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"we get compared with yello and motorhead" says Jez of Leeds-based band MDMA, highlighting the confusion people experience about his band.

MDMA are about to release a compilation album of their work over the last two years, which may or may not help clarify matters, since it varies in style quite widely from song to song. Guitarist Martin endeavours to explain the formula.

"It's always the same every time you start a new band. The first songs are really weird, and then you gradually define what you are doing, hone into it and progress from that. We've just got to that stage - the compilation album shows us as we define the parameters. If you look at the first side there's two tracks on that, 'Godsquad' and 'Mommy', which are quite disparate: they kind of chart the boundaries and everything else falls in between the two."

The band members met while playing in other bands at a festival in Holland, and not all of them are from Leeds. Drummer Bobby Ray is American and still lives in Philadelphia, something that must surely create problems for reasons of logistics, if nothing else. Martin is quick to disagree.

"It's difficult, but not insurmountable. For rehearsals a lot of the songs are tied down over here, and we'll send tapes to Bobby in the States and he'll work on those. It's surprising how quickly things come together when we actually get to play as a band."

In part, this is made possible by MDMA's use of modern musical aids such as a Roland drum machine. However the band use their technology - samplers, sequencers, synthesizers - to create a sound that is as relentless and forceful as anything Sonic Youth or Napalm Death might do. Their music is simply powerful. What are MDMA hoping to achieve? Martin has the answer.

"Elevating people's spirits by giving them really good dance rhythms - really heavy, melodic music crafted into songs. What we do is use the drum machine and sequencer to write hypnotic backdrops, and then we add the spontaneity of live stuff over the top. It's like having your cake and eating it. We've got the hypnotic groove power of the electro machines, and the raucousness of rock 'n' roll."

Bassist and singer Keith nods in agreement and adds: "What we wanted to do - and are still trying to do - is to have music that is adventurous, that pushes boundaries. Our purpose in life is not to be rock stars, but to express ourselves."

Yet that expression can be stalled when the computer glitches before the first date on your tour. Having heard from their road manager about the problems, I was curious to find out more, so I put the question to Keith and Martin.

"What did happen with the computer yesterday?" Keith asks rhetorically. "It got a bit excited about the prospect of playing live, and passed out with the excitement!"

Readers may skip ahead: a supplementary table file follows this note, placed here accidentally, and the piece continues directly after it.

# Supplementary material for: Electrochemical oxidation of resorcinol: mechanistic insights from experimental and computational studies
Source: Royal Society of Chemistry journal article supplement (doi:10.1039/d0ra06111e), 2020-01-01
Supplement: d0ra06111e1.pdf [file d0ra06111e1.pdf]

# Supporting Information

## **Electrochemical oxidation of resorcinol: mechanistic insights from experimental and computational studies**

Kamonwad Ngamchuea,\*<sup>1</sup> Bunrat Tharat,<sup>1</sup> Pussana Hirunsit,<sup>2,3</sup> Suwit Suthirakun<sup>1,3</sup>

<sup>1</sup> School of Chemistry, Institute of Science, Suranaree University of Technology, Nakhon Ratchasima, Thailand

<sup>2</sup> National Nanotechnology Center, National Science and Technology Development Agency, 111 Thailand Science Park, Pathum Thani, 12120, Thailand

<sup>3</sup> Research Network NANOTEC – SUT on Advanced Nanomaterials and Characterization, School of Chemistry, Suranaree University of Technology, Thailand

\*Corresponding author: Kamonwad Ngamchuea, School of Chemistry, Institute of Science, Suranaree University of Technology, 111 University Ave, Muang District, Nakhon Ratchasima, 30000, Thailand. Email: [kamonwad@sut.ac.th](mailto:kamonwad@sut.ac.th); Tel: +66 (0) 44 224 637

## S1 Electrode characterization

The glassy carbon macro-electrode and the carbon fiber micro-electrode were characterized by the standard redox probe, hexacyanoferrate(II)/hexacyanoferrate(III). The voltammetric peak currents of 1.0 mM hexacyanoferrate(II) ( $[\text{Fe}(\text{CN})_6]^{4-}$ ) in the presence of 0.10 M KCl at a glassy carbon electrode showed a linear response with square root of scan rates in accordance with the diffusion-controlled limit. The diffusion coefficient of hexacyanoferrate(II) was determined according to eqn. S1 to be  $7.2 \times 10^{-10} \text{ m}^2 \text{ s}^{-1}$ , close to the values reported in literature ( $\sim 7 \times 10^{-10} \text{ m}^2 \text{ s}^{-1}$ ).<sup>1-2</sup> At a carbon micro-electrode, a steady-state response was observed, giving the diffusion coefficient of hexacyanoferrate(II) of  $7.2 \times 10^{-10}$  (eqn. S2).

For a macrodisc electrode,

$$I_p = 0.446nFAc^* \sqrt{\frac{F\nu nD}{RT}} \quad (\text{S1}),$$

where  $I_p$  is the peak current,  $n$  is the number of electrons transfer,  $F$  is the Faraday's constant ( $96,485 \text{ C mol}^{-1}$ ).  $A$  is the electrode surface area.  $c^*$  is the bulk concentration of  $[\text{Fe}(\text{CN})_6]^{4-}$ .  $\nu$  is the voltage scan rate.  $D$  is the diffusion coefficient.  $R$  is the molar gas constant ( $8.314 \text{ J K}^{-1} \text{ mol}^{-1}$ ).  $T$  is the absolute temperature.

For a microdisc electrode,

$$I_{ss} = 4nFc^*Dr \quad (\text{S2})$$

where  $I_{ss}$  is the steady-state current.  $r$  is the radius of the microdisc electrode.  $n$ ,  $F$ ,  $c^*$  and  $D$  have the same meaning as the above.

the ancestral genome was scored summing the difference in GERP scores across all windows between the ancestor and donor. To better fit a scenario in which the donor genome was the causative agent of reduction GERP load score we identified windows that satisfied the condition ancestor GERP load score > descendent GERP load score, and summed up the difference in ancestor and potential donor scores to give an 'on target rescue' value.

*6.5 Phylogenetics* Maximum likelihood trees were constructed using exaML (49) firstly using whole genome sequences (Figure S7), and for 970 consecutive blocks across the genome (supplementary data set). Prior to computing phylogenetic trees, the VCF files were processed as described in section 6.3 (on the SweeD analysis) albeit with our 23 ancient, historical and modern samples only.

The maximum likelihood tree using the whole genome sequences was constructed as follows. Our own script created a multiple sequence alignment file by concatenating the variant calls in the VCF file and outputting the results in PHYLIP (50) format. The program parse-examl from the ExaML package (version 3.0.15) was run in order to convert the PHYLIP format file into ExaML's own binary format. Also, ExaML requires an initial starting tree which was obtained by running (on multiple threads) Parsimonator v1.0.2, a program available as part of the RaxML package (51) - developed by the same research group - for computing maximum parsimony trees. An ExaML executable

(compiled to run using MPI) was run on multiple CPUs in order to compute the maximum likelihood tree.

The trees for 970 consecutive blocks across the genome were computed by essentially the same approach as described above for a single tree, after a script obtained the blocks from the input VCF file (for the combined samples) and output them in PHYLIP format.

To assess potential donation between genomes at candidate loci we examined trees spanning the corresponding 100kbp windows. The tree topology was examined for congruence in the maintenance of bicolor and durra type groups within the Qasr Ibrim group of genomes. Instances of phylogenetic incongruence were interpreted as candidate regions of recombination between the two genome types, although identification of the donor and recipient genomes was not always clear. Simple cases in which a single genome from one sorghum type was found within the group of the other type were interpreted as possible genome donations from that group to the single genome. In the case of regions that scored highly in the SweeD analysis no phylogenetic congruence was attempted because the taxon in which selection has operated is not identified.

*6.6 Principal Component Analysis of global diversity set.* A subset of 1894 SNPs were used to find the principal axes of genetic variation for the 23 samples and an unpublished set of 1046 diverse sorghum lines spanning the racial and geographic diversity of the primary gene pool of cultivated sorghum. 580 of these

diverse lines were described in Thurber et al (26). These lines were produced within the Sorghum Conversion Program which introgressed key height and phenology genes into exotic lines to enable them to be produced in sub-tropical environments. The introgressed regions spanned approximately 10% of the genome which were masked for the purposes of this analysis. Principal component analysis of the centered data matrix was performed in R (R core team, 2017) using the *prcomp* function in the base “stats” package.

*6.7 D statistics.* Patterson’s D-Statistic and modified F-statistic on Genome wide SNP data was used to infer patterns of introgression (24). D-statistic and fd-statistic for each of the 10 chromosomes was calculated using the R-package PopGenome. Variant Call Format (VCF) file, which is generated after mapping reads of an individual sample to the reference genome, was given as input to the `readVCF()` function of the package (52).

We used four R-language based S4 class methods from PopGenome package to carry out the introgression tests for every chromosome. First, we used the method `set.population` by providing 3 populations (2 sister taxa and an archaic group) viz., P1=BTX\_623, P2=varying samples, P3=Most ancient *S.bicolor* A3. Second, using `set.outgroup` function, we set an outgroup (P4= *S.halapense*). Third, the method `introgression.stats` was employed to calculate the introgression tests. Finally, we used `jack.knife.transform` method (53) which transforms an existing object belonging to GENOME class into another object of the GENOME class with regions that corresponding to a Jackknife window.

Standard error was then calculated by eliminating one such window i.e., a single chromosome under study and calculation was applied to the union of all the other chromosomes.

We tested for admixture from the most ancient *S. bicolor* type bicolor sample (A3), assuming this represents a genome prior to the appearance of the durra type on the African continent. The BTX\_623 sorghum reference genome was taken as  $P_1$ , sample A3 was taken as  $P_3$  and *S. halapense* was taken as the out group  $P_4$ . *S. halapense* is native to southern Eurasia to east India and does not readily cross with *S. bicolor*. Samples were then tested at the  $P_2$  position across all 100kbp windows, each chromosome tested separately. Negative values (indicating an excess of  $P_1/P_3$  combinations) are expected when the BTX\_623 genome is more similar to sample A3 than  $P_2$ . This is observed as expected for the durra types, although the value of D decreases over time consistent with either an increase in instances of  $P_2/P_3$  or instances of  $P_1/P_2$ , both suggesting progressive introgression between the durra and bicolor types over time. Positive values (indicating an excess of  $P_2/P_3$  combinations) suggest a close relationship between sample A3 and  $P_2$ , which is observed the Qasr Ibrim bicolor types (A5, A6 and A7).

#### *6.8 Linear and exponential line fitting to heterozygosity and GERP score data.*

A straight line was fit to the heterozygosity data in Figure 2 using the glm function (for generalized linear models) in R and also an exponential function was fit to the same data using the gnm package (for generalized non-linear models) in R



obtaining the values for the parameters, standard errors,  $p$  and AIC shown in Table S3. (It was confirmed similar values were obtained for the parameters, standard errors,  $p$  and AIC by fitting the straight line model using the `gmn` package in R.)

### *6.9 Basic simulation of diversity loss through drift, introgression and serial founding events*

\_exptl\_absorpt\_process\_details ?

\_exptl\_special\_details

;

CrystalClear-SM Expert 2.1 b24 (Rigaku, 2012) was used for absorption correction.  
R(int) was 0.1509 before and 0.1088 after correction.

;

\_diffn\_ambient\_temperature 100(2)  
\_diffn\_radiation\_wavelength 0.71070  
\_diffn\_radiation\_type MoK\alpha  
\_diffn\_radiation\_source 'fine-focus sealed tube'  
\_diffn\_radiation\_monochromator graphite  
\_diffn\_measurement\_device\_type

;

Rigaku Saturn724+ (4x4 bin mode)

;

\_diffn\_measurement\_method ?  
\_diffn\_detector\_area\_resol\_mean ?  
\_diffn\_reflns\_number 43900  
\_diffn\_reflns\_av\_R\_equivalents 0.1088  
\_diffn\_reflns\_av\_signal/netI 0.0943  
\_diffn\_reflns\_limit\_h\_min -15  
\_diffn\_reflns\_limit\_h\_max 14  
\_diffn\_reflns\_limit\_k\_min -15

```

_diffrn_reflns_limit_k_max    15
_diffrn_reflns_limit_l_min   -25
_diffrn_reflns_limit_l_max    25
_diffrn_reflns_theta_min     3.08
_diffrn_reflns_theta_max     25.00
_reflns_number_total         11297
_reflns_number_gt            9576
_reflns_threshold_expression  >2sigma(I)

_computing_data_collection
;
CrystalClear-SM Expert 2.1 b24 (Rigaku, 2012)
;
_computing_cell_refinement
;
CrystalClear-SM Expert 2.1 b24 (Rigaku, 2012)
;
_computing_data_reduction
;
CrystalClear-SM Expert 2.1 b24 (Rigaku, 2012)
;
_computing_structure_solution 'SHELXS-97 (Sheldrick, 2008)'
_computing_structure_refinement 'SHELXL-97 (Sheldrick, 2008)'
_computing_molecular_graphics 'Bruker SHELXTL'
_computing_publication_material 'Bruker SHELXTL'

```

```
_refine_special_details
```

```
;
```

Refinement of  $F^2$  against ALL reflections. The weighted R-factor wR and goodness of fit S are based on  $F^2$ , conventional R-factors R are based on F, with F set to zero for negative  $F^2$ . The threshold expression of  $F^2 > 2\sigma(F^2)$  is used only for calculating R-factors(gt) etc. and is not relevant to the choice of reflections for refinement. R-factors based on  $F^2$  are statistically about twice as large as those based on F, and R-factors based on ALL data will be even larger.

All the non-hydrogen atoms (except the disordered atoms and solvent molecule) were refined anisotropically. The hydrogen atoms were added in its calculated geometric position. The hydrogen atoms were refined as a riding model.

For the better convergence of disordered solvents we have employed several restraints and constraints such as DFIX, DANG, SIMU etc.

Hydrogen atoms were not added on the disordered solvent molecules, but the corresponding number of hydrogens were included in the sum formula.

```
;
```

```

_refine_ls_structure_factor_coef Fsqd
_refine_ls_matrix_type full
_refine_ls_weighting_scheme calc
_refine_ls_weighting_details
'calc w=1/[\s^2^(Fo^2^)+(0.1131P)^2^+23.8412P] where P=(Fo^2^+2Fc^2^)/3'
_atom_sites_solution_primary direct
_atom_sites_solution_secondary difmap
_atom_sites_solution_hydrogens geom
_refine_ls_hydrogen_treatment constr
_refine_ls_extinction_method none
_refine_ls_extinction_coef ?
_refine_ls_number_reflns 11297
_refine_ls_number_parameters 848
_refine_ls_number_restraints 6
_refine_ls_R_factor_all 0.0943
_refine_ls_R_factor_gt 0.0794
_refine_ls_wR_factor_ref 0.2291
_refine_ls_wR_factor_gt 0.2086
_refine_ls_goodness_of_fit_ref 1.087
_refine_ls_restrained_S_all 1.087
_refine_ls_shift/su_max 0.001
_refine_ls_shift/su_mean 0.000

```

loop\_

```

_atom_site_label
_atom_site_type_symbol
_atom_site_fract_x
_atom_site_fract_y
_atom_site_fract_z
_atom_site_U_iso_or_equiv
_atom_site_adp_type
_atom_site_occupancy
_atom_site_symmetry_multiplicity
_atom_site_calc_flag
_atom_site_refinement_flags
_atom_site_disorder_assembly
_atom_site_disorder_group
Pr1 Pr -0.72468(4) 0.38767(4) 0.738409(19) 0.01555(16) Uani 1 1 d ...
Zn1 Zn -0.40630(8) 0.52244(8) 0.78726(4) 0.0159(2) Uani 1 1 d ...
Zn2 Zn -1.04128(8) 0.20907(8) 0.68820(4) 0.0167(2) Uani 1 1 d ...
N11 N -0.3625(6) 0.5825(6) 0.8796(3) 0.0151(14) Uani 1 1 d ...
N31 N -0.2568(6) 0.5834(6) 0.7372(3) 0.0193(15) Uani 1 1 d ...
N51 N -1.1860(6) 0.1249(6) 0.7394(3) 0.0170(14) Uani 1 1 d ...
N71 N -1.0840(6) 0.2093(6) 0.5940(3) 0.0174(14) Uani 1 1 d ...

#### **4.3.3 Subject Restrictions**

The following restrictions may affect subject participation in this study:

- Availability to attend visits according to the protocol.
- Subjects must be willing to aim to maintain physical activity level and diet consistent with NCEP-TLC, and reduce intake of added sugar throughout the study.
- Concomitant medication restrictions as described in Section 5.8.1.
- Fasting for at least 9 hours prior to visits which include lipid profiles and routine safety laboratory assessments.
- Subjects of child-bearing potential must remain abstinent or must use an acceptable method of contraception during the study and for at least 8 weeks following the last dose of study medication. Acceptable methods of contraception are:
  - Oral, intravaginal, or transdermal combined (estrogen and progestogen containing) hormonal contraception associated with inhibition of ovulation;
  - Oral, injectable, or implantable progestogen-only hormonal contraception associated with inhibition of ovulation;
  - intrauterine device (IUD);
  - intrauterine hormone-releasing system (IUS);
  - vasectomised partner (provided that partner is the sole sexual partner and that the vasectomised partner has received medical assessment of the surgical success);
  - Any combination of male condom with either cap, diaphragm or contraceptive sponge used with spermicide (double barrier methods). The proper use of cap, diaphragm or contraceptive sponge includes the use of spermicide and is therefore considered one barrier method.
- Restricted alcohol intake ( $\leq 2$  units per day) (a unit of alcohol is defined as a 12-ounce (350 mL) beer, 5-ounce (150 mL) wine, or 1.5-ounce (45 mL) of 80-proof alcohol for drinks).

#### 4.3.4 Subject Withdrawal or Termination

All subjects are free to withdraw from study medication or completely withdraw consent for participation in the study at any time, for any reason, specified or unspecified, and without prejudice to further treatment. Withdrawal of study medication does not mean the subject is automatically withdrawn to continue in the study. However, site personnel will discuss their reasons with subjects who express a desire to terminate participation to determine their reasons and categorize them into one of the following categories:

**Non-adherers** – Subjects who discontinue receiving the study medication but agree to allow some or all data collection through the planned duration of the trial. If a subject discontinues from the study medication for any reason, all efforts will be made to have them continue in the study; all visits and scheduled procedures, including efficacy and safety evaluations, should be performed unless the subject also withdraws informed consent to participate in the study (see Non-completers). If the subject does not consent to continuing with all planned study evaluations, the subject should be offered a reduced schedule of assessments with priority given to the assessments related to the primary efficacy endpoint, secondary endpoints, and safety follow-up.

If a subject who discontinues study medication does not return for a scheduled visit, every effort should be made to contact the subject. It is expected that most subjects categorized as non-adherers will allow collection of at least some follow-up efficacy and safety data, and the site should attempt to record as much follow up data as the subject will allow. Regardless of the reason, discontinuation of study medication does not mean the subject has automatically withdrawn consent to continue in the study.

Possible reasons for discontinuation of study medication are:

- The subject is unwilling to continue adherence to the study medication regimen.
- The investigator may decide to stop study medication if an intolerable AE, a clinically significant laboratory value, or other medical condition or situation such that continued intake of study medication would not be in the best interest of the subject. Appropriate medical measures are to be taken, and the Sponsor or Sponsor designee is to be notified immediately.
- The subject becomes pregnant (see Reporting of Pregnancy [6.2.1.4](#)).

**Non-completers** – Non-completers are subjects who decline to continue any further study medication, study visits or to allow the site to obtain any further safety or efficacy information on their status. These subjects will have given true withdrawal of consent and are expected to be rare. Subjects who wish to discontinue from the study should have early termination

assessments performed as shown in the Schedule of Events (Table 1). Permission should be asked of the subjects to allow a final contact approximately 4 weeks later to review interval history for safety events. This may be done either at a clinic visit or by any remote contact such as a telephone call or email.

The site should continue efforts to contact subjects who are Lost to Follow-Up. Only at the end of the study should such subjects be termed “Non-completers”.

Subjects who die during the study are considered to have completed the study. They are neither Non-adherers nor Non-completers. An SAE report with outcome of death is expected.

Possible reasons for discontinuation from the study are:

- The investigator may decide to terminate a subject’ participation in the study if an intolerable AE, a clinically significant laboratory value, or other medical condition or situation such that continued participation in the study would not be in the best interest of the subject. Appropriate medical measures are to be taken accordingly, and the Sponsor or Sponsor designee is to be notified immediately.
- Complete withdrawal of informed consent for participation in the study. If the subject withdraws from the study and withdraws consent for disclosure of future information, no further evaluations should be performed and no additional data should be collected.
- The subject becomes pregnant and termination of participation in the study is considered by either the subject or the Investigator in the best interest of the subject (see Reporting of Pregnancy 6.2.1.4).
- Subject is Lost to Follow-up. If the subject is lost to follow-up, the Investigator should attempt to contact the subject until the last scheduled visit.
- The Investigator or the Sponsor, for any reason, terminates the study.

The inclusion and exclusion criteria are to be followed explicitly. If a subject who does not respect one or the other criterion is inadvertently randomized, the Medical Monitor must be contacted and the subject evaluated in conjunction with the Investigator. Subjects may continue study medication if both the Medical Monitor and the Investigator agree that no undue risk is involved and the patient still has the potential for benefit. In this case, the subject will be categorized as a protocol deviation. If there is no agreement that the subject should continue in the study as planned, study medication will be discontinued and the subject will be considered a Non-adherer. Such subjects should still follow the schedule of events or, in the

"I saw it having a few beers in the afternoon", laughs Martin. "On a more serious note, the thing is we are driving a lot of different units from the computer, and although it's been a godsend musically it's also a bit of a nightmare when you've got a lot of things going on, trying to make sure that everything's connected in the right order and the MIDI channels are assigned properly. Generally, you can guarantee a fair amount of confusion when you first start plugging things in and turning them on."


Yet despite the problems that can arise, MDMA are definitely sold on the virtues of high technology.

Jez: "People are attuned now to high-quality sounds, rich sounds and powerful sounds that you need to get from modern technology. Even if you want to be in a punk rock band, you've got to have effects units for the guitar and a good bass setup."

A sad comment, but probably a fair one. And it has its positive side-effects. For instance, the investment modern equipment requires has made MDMA more conscious of the need to be able to survive financially, and this has added grist to the mill of their ambition.

"We have this fire within us that says we have to make music, and there's nothing else we want to do", says Martin. "You've got to be smart and you've got to persist, because if you want to make a living out of it, you've got to be extremely lucky."

MDMA's mixture of spirit and technology has already brought them to the attention of ex-Yello producer Carlos Peron, who has told Jez he wants to sample the sound of a car crashing to use as a kick drum on their music. As it happens, the prospect of working with Peron is one the band are looking forward to greatly, and such talk suggests a rather European bent to their music. Have the band found it easier to secure a following overseas than they have in Britain?

"Definitely not", states Keith. "There is one thing you can say, which is that any country you go to, there's a certain amount of romantic excitement involved with a foreign band playing. But it doesn't sell you; you've got to be just as good there to win people over."

Even so, MDMA have no hesitation in recommending that young bands tour abroad if they can arrange it. As they say, the process of being on the road and unable to go home after gigs helps knit a band's personnel together, and...

"It isn't the UK, so go there anyway."

It's all very much in the spirit of 1992. By which time, someone somewhere should have found words to describe MDMA.

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Keith LeBlanc

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Space-Age Echo

Phaze 1 - Copyright: Phaze 1 Publishing


Phaze 1 - May 1989






Interview by Nigel Holtby

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> Keith LeBlanc

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